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Botha's tweaking the turning point for Lyon

INSIDE the Australian camp they are calling it his ''doosra''. The back-spinning alternative delivery that Nathan Lyon unveiled with success in Brisbane nine days ago is yet to receive an official tag from the man himself, or anyone else.

If he can repeat his flummoxing of Jacques Rudolph on his home track in Adelaide, though, it might just generate a name of its own.

''I sent a message to Steve Rixon about it because I heard all the commentators saying, 'What are we going to call it?''' Cricket Australia spin-bowling consultant John Davison said. ''I said to Steve, 'Get Nath to name it; it would be good PR to have a name for it.'''

Rixon is the former Australian wicketkeeper who now doubles as the national team's fielding and spin coach. He is working closely with the emerging off-spinner on a box of tricks that, on the evidence of his outing of Rudolph, is no longer one-dimensional.

The roots of Lyon's new delivery, however, are coincidentally with a South African, whose assistance of the 25-year-old could come back to bite the Proteas if he can get it right again and again.

''Johan Botha has had a big part to play in helping him develop it,'' Davison said. ''When he was out here last year, I think they started playing around with a few balls.


''He does it really well because he gets the ball spinning on the same axis as his stock delivery but it's actually spinning the other way. So the seam positioning is quite similar to his stock ball, which is pretty cool.''

Botha, the South African off-spinning all-rounder who now captains South Australia, helped Lyon tinker with his repertoire while here last summer for a Twenty20 Big Bash League stint with Adelaide Strikers.

Lyon actually first experimented with the new delivery in a match during Australia's tour of the West Indies in April, but it was at the Gabba where he was able to produce it to optimal effect. Rudolph, the South Africa middle-order batsman, was the victim, undone by the unexpected and acute variation and trapped leg before wicket on his back pad in the Proteas' second innings for 11.

''It was good to see that he executed it perfectly,'' Davison said. ''It's good to sow that seed in the opposition that they've got to look for something else.''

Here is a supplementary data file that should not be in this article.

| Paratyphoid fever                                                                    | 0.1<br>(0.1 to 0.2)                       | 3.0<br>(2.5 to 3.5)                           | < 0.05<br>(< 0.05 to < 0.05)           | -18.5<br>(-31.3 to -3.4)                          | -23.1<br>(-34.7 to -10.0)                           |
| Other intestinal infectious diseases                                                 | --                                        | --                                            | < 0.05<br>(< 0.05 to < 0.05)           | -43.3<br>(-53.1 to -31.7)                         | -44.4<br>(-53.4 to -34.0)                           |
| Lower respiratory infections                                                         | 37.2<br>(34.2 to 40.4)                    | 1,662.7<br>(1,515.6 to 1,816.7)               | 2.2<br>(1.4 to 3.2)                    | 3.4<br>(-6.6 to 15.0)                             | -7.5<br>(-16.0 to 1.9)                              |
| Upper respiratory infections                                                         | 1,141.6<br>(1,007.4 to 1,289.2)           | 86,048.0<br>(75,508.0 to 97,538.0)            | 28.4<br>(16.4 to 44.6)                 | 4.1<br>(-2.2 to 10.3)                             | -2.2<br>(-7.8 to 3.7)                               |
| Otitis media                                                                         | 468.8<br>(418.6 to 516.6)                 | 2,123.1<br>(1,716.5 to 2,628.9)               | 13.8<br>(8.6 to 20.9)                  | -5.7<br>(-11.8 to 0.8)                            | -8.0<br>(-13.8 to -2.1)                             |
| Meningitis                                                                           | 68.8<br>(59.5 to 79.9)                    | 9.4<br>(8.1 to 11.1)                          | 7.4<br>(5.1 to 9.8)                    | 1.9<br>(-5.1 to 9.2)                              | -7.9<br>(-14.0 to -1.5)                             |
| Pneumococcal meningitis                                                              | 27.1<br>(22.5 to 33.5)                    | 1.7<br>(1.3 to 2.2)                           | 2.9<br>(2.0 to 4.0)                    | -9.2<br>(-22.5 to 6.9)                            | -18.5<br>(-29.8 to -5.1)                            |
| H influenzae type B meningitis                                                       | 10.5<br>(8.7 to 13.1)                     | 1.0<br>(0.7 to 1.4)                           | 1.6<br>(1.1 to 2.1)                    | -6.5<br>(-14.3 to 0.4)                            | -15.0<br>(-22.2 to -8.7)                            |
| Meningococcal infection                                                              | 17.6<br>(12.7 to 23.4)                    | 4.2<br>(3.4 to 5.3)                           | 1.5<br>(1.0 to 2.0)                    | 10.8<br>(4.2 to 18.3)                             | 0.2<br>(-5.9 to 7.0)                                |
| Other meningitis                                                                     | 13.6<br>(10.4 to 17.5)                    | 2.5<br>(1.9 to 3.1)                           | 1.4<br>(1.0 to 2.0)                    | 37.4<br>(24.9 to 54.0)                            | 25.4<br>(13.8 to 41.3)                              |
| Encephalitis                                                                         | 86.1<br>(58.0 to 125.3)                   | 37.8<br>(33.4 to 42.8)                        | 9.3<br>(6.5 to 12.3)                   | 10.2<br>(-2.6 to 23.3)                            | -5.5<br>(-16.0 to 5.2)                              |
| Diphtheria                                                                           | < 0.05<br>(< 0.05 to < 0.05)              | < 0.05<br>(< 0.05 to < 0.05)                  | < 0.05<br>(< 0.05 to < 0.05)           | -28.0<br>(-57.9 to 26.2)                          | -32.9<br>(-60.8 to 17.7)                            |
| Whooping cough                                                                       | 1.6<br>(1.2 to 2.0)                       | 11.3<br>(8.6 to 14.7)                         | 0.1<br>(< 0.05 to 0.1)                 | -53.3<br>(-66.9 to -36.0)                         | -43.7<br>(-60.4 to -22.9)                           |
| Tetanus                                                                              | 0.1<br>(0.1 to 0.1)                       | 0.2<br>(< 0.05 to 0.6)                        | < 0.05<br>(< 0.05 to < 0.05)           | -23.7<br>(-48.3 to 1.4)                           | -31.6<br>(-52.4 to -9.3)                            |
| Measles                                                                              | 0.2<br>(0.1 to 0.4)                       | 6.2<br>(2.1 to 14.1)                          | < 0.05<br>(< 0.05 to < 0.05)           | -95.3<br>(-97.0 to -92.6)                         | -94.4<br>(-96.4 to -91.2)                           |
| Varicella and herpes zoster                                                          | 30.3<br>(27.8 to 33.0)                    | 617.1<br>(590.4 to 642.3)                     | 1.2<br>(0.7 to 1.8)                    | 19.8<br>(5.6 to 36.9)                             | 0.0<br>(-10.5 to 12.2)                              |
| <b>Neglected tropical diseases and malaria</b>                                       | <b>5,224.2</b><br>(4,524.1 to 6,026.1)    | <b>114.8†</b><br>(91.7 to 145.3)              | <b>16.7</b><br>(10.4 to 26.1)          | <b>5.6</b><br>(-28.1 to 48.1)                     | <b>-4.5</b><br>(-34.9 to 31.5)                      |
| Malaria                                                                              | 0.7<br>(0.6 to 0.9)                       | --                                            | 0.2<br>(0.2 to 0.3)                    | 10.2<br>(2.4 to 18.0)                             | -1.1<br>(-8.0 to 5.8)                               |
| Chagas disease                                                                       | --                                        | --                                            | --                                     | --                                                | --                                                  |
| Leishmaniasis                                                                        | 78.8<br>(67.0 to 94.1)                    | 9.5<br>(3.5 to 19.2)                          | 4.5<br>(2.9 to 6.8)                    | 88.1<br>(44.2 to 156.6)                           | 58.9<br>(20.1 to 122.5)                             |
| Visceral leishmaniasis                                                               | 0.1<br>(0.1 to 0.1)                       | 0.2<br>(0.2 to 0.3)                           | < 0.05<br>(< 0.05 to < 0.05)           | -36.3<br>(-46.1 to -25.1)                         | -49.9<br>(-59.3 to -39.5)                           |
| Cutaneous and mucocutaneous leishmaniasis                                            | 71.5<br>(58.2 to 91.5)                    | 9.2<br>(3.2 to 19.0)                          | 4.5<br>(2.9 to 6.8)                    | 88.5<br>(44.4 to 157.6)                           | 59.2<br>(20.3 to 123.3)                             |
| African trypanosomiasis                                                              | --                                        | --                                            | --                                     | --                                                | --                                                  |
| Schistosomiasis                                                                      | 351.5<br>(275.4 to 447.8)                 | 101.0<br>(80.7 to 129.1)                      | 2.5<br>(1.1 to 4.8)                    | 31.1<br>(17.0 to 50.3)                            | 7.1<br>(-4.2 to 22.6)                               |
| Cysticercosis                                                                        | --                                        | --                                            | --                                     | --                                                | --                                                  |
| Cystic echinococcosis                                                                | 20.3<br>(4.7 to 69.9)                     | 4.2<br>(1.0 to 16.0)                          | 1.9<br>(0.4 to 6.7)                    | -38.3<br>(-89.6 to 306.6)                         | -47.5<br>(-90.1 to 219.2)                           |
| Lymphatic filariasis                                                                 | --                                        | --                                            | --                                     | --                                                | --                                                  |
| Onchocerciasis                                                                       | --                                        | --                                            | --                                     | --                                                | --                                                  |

The post-Shane Warne world has not been an easy one for an Australian spin bowler. Indeed, nearly a dozen before Lyon and since Warne have been tried, and failed for one reason or another to play at Test level with any semblance of longevity.

As a still developing orthodox right-armer, Lyon is light years from building Warne's creative and destructive arsenal - the flipper, the topspinner, the googly and the rest - but his workshopping and now taking of a Test wicket with a secondary ball does begin to counter the perception he has limited weaponry.

''We need the batsman to say, 'Well, he does have something else in the melting pot, we need to be able to keep an eye out for that,''' Rixon said. ''Even if you pick it you've still got to play it. To have two or three balls, very few people in the history of the game have had any more than that. Some might have thought they did but it's only a variation.''

That said, the key for Lyon in the second Test and beyond remains not in the occasional rabbit-out-of-the-hat ball but in his stock off-break that has kept him in the Australian side since his Test debut in August last year, unlike those who foundered before him. Rixon is imploring him to keep it simple.

''The No.1 key to every good off-spinner is to bowl them consistently, in the same spot, with gentle and marginal variations,'' Rixon said. ''Someone like Daniel Vettori is an example - [he] uses the crease, uses different paces, and the amount of work he puts on the ball. It is so marginal, the change, but that makes him the best. His consistency of being able to bowl an off-spinner on the same spot - that's what Nathan has got to have.''